One comment I often get from other busy mums when talking about mindfulness meditation is that they like the idea of it, but they can’t really find dedicated time in the day to practise it. I get that. We’re all busy. But mindfulness meditation doesn’t have to be hard. It’s not meant to be taxing on you. In fact, it can really help you! So the real question is: how can you fit mindfulness meditation into your day as a busy mum?
Do 10 deep breaths when you wake up or before you go to sleep
When we hear or read about the benefits of mindfulness meditation, we always seem to come across this magic number. 20 minutes. Meditate at least 20 minutes a day, and you’ll be a new person. (Or something along those lines).While I’m sure that actually IS true, like you, I also live in the real world. Truth is, you don’t have to start with 20 minutes a day. If you manage to start small and gradually increase to 20 minutes or more a day, good for you. But the key is to start small. Really small.
So pick one of these things and try them out.
- When you wake up in the morning (unless you’ve been woken by a screaming child), lie in your bed for a few minutes, with your eyes closed, put your hand on your stomach and take some deep breaths. Just breath in. And breath out. Do that for 10 breaths (10 in and 10 out). That’s it. That’s you done.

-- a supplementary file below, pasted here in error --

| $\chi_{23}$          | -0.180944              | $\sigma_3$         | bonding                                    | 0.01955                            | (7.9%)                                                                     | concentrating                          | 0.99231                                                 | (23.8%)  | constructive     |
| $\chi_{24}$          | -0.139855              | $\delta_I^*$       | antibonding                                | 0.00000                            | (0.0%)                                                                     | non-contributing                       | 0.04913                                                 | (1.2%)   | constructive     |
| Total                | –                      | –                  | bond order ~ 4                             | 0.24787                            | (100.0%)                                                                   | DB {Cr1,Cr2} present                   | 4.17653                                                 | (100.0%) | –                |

- If the mornings don’t work, because of the hustle and bustle of your children waking up and having to get to school, try the evenings. You may even find it a great unwinding exercise that will help you sleep better too. Ans if you enjoy it, don’t stop at one set. Keep going.
But wait, I haven’t sat on a pillow with my legs crossed saying ‘Om’ for 20 minutes. How is this even mindfulness meditation? Well, this is you having just taken a small step to intentionally focus on the present moment. To ground yourself to a very basic and fundamental physical process: breathing. That’s all you need to do for now.
Find mindful pockets in your day
I know that your day is maxed out as it is. So is mine. Which is exactly why if I don’t take a minute here and there, I know I’ll use my rag at some point. All you have to do is to find a quick minute a few times in your day to close your eyes and take some deep breaths. How?
- Inhale to the count of 3, hold for 2 seconds, and exhale to the count of 3. Repeat a few times if you have a couple of minutes. This is great for immediate stress reduction, so you can even do it in between two rounds of “Put. Your. Shoes. On” in the morning before the school run. And maybe the positive outcome is that you won’t have to shout the dreaded sentence once again. Maybe you’ll think of something else to do. It’ll help you deal with and respond to the situation in a better way. For everyone involved.